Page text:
What about your research makes you excited about its impact? I am excited by the unique advantages of geometric diodes. Unlike traditional diodes, they are capable of rectifying high frequencies into the THz regime. If we can realize this THz rectification, silicon nanowire geometric diodes could be used for ultrafast communication and long wavelength energy harvesting, and eventually play an important role in the internet of things.

What is your favorite thing about using RTNN facilities? The RTNN staff go above and beyond when it comes to training, keeping instruments in good condition, and troubleshooting problems. I am always grateful for their willingness to drop everything and help when needed.

Free programs and events available for local companies via RTNN and First Flight Venture Center

Lunch is on us! RTNN to host free Lunch and Learn for local companies

Representatives from local companies are invited to join us on Tuesday July 12, 2022 from 11:30am-1:00pm EST at First Flight Venture Center in Research Triangle Park (Durham, NC) for an RTNN “Lunch and Learn” Event. Director Jacob Jones will present on analytical/nanofabrication facilities and expertise available across NC State University, Duke University, and UNC Chapel-Hill and RTNN’s network and affiliates and how they can be of use to research and development at companies. Lunch will be provided. Please limit company representatives to no more than 2 people.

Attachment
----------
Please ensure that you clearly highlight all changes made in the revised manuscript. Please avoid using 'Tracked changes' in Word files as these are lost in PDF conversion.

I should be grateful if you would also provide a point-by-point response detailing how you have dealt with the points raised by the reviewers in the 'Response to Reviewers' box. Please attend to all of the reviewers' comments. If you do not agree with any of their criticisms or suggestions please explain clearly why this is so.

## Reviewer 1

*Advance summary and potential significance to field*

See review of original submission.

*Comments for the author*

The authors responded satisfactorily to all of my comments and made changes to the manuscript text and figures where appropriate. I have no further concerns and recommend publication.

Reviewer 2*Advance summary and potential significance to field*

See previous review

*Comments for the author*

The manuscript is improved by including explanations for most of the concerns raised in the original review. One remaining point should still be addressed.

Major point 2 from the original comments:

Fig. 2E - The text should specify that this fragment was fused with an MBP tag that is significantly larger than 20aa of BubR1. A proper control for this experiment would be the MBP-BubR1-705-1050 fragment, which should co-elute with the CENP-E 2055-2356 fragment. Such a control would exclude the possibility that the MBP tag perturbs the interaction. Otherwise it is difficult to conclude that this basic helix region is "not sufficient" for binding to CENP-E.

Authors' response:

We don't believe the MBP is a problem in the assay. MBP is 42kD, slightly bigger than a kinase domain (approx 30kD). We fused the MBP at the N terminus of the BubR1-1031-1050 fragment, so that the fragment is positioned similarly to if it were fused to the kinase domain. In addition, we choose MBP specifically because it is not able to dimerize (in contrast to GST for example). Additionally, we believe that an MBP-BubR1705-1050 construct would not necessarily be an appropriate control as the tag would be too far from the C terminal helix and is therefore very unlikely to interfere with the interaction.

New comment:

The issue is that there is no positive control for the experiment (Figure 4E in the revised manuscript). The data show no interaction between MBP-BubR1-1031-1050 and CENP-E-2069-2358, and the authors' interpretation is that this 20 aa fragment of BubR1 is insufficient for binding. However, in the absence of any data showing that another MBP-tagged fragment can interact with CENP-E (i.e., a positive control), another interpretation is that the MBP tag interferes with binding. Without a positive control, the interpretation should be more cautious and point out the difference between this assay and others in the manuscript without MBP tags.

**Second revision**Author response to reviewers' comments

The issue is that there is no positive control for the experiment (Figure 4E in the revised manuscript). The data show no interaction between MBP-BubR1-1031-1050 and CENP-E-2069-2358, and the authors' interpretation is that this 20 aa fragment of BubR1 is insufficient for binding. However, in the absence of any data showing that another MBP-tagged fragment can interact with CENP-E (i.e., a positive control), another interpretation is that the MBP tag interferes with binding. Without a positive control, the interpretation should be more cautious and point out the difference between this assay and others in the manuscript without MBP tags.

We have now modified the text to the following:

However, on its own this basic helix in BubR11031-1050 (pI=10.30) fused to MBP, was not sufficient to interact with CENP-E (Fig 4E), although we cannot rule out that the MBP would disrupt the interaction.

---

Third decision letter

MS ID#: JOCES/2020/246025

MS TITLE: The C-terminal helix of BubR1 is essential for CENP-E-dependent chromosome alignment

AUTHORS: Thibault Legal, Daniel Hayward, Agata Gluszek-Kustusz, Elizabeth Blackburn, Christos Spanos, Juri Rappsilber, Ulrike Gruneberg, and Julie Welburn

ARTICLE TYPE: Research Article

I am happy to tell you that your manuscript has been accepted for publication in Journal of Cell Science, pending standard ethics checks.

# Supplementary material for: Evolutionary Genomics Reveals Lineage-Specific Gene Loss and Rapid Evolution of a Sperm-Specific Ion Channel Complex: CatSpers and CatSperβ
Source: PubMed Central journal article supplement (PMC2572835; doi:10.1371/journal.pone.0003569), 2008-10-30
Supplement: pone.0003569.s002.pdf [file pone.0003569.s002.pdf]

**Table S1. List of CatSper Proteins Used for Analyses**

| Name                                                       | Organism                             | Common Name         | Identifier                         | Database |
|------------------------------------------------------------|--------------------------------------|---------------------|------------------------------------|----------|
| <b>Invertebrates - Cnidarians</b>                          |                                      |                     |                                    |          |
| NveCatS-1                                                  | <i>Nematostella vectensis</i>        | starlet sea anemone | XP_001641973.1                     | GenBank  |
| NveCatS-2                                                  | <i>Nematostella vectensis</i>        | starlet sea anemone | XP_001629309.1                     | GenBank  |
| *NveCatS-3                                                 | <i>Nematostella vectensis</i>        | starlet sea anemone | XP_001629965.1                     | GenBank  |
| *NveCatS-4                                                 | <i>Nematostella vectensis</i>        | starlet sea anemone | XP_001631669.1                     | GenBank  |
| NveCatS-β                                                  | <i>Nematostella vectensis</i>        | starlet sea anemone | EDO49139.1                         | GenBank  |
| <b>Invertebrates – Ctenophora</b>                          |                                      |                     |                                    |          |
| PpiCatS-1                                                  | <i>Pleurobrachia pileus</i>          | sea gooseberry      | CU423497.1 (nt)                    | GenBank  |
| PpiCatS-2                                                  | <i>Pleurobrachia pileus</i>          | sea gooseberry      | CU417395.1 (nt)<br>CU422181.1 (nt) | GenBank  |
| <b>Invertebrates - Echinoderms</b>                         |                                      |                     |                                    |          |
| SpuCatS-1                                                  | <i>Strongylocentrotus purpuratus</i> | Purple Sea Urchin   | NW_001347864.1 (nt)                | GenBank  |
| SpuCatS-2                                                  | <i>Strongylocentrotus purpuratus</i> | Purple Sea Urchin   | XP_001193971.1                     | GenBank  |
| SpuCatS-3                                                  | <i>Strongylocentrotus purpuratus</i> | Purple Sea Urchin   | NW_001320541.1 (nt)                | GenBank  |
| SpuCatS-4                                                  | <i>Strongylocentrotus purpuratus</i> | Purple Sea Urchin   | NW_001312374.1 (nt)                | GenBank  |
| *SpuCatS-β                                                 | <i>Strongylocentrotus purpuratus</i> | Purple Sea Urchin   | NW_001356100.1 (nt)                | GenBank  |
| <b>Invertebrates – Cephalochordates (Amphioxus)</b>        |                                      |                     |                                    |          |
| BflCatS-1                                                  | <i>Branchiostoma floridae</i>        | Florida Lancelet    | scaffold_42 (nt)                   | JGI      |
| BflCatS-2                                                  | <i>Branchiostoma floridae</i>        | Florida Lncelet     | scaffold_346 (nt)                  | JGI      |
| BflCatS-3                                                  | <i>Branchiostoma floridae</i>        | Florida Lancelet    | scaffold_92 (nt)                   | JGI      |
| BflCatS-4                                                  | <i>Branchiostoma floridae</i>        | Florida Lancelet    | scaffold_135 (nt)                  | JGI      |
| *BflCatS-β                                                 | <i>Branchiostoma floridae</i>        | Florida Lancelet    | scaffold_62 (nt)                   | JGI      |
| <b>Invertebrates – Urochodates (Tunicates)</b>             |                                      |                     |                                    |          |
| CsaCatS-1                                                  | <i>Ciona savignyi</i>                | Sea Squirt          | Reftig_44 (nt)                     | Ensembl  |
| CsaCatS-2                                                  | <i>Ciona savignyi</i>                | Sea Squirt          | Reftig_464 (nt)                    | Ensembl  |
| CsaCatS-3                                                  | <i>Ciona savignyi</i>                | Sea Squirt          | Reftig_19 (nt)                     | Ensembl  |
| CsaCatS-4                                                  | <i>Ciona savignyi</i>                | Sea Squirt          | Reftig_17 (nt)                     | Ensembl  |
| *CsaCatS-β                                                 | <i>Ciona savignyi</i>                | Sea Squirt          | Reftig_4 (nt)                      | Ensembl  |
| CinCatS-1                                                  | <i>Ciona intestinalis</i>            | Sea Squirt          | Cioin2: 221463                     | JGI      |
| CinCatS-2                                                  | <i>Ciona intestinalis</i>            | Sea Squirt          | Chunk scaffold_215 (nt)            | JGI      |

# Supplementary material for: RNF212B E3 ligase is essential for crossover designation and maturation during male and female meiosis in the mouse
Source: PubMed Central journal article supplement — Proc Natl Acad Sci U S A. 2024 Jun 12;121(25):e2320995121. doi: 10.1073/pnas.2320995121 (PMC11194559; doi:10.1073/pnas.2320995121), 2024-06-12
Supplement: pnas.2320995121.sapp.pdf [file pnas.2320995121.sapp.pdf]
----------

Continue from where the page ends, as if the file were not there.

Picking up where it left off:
Please RSVP by July 6, 2022 via this form:

Click Here to RSVP via Google Form

If you have any issues or questions, please contact Phillip Strader (

First Flight Venture Center offering scholarships to Propeller Pre-Accelerator Program

First Flight Venture Center is offering scholarships to its Propeller Program: a 6-week entrepreneurial design thinking program which helps founders and entrepreneurs determine whether there is sufficient value to pursue a product or service idea. The program helps entrepreneurs identify potential markets, develop a path to market strategy, and learn how to communicate the value of the idea to early stakeholders and adopters. This program is an excellent opportunity for local/small companies, or anyone with a science and technology business idea seeking guidance on determine its viability and a path to success.

For more info on this program and to apply, visit FFVC’s Propeller webpage:

Free facility access available through RTNN Kickstarter program

The RTNN offers free facility access via the RTNN Kickstarter program – anyone can apply for up to $1,000 in facility access value in RTNN facilities. Applications are accepted on a rolling basis with 2 “priority” deadlines once per year. Read more and apply on the RTNN Kickstarter webpage: